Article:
Spotlight on Chapter 4 Growth, human development and planetary welfare
This excerpt from chapter 4 describes the main positive and negative narratives about capitalism and growth:
Capitalism has been credited with unprecedented economic growth, while at the same time it has also been severely critiqued for many ills in human society, including the biases in distribution of gains and rise in inequality among stakeholders.
Capitalism may be described as an economic system characterized by the ongoing accumulation of physical capital, growing labor productivity, growing capital/labor ratio and a stable real interest rate. There are two major narratives about contemporary capitalism: the first emphasizes the benefits, the second is concerned with the detrimental effects. Both have influenced current theories and debates on economic growth. This section provides an overview of these two narratives and then discusses the synthesis – or “third way”- proposals, which attempt to find pathways to move ahead, bringing together the positives of both narratives.
In the first narrative, economic growth is viewed as a process of liberation. Capitalism allowed for unprecedented economic growth which provided an abundance of material goods after centuries of life at the subsistence level for almost the entire population. It brought along dramatic improvements in life expectancy, health care, education and cultural development. As capitalism works best when individuals have rights and freedom, it spread these benefits to increasing numbers of people.
In the second narrative, economic growth is viewed as a process of alienation or exploitation. Capitalism’s success in efficiently providing goods and services for individual consumption created a mindset that tends to under estimate the negative externalities created, biasing distribution of gains towards owners and managers of resources and against other stakeholders such as workers; and creating uncompensated harm to nature while at the same time omitting long term sustainability concerns. When left unregulated capitalism can create exploitation, large inequalities and injustices and neglect common objectives like environmental quality.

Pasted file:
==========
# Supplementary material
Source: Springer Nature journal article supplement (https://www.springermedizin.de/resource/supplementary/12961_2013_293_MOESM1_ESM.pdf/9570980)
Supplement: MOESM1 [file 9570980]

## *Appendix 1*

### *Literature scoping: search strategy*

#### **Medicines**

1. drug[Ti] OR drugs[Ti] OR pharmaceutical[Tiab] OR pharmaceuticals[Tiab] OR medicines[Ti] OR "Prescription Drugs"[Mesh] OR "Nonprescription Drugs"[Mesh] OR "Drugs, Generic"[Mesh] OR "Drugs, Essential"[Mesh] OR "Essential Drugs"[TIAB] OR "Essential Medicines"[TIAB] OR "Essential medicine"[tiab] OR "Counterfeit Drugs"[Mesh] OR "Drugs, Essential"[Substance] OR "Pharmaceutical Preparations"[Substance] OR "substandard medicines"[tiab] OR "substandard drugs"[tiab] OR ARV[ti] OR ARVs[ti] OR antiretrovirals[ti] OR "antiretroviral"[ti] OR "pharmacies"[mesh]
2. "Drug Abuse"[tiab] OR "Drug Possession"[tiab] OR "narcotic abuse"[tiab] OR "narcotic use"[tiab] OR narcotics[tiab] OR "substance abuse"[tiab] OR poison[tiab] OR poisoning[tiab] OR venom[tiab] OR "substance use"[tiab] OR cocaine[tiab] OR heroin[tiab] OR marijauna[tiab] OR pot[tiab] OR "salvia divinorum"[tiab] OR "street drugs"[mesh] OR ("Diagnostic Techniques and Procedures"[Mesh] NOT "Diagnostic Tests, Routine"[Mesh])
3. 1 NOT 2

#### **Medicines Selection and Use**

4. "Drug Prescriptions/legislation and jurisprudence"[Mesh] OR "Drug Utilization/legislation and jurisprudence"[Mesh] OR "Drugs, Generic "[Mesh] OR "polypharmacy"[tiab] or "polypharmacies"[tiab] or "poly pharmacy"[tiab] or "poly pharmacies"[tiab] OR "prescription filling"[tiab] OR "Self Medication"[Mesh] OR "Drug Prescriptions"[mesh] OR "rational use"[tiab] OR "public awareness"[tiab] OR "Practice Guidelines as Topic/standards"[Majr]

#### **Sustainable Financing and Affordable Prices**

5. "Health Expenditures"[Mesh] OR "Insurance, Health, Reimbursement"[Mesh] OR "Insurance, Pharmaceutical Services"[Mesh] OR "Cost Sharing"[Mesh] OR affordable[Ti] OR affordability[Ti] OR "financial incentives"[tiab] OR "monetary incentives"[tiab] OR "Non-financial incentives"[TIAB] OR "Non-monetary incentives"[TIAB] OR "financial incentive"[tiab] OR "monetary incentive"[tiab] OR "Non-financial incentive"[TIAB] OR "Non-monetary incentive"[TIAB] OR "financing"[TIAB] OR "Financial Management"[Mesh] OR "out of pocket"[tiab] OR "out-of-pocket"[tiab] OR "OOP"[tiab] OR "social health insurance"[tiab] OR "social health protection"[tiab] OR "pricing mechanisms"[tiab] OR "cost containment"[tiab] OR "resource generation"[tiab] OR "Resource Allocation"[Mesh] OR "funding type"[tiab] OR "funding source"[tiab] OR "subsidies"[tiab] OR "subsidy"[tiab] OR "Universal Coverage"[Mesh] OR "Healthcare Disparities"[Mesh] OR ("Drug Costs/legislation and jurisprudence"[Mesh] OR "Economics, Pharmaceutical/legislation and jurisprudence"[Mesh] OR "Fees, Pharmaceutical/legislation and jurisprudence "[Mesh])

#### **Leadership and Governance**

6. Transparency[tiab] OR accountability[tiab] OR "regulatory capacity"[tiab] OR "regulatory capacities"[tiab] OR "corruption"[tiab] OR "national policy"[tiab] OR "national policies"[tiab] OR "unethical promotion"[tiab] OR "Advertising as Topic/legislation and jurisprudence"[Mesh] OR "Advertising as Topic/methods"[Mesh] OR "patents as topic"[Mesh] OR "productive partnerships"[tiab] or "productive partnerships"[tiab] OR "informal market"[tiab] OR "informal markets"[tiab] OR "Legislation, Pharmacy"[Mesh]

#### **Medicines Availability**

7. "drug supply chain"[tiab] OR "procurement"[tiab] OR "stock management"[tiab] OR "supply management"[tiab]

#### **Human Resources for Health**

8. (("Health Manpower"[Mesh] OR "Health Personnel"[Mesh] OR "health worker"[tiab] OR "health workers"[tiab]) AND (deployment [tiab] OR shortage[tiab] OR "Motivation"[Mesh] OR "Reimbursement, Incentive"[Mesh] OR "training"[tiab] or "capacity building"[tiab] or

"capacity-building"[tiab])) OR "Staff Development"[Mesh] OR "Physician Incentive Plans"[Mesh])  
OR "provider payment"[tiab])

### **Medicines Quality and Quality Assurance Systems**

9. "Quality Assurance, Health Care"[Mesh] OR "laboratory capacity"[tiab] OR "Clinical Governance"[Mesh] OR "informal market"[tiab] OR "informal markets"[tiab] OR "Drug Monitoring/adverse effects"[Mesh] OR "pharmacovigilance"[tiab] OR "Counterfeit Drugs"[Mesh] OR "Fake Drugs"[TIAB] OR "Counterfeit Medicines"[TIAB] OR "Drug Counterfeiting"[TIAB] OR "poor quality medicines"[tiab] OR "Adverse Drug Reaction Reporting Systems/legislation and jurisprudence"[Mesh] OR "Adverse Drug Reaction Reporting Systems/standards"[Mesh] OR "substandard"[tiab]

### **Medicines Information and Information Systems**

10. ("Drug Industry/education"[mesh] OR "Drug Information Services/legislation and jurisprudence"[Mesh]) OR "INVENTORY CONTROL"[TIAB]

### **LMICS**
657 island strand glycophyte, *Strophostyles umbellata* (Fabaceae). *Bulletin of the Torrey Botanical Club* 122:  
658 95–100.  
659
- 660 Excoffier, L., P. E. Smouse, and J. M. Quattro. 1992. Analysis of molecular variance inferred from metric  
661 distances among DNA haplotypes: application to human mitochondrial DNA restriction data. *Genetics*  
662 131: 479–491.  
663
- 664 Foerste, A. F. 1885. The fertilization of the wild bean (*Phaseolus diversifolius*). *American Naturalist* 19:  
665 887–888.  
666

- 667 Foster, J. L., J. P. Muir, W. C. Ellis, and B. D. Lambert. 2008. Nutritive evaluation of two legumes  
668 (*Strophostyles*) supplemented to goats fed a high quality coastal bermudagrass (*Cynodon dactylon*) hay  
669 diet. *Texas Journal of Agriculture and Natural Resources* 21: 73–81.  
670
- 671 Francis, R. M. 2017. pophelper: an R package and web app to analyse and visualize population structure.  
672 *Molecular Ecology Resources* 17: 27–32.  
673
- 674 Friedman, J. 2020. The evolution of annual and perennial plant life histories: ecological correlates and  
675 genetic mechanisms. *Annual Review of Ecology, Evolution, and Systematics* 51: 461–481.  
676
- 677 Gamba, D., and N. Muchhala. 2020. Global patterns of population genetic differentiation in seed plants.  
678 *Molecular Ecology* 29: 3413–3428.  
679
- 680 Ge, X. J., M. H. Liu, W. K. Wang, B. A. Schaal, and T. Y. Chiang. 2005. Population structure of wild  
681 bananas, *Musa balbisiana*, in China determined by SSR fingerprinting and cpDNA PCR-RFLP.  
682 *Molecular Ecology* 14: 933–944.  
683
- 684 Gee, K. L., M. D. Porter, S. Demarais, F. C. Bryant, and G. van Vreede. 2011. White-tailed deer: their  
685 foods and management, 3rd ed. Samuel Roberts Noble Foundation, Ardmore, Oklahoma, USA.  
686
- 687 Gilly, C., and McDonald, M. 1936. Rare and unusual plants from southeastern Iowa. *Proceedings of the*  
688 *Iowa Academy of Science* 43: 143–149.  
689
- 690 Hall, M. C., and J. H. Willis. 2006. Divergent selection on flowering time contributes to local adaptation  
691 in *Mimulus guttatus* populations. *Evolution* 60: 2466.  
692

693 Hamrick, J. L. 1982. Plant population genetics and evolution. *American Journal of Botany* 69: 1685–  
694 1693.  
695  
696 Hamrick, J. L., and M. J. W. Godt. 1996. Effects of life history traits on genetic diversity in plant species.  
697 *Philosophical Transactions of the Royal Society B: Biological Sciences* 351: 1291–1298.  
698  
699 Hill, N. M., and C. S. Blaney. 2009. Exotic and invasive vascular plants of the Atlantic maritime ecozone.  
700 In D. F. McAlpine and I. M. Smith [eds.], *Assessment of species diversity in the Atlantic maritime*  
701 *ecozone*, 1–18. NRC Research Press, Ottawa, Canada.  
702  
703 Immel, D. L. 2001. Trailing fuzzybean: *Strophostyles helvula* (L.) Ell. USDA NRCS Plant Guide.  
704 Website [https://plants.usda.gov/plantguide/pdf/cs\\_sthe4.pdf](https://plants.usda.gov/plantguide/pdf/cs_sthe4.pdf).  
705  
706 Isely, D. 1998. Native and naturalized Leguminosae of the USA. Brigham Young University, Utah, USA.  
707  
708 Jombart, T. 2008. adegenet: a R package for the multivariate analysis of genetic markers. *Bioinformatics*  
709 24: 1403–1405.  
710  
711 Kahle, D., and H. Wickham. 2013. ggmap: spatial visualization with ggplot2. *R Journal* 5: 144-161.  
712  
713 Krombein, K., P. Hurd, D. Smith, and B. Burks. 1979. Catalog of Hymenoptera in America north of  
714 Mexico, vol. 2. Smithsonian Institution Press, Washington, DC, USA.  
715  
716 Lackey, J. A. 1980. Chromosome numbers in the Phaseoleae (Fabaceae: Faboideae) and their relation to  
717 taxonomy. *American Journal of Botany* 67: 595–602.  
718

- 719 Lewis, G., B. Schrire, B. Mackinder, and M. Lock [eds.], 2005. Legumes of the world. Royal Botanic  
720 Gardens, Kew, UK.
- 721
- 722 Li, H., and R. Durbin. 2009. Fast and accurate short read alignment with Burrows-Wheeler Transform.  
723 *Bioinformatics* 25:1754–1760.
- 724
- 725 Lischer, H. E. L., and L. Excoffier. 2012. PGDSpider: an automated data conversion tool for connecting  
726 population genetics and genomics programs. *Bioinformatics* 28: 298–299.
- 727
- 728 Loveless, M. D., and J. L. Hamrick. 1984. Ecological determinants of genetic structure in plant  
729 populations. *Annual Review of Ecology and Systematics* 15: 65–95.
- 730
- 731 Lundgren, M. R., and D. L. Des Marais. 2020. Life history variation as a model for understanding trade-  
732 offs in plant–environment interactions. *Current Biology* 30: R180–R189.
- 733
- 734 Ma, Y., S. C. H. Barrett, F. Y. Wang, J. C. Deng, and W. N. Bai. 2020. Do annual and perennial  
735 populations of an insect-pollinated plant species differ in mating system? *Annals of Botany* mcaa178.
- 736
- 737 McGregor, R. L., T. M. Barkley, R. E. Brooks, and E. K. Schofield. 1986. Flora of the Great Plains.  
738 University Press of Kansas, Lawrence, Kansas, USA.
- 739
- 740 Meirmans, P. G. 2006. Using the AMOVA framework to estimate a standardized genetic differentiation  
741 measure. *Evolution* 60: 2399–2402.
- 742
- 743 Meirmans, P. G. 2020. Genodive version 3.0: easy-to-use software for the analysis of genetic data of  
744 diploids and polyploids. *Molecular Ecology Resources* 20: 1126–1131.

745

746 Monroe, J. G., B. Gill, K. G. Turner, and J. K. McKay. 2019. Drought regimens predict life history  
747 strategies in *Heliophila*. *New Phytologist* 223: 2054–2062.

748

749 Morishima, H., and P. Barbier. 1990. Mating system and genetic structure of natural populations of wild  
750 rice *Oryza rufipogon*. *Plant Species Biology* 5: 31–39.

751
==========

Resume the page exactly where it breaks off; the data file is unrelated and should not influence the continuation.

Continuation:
The popularity of the narratives of capitalism as “liberation” and “exploitation” (Randazzo and Haidt, 2015) with different segments of society raised a concern about finding a more integrated perspective in order to forge a welfare enhancing and socially progressive pathway for economic growth. In recognition of this, third way approaches emerged to highlight the potential of capitalism (and its limitations) in order to move the discussion forward. It was felt that such a broad theoretical framework would not only allow for an evaluation of the costs and benefits of capitalism but also provide pathways for the transformation of contemporary capitalism. The common idea is to maintain the driving forces of capitalism for innovation, cultural diversity and democratic institutions and to address inequality and social anomalies by suitable policies like redistribution, social inclusion and protecting the interests of society through the regulation of economic activity.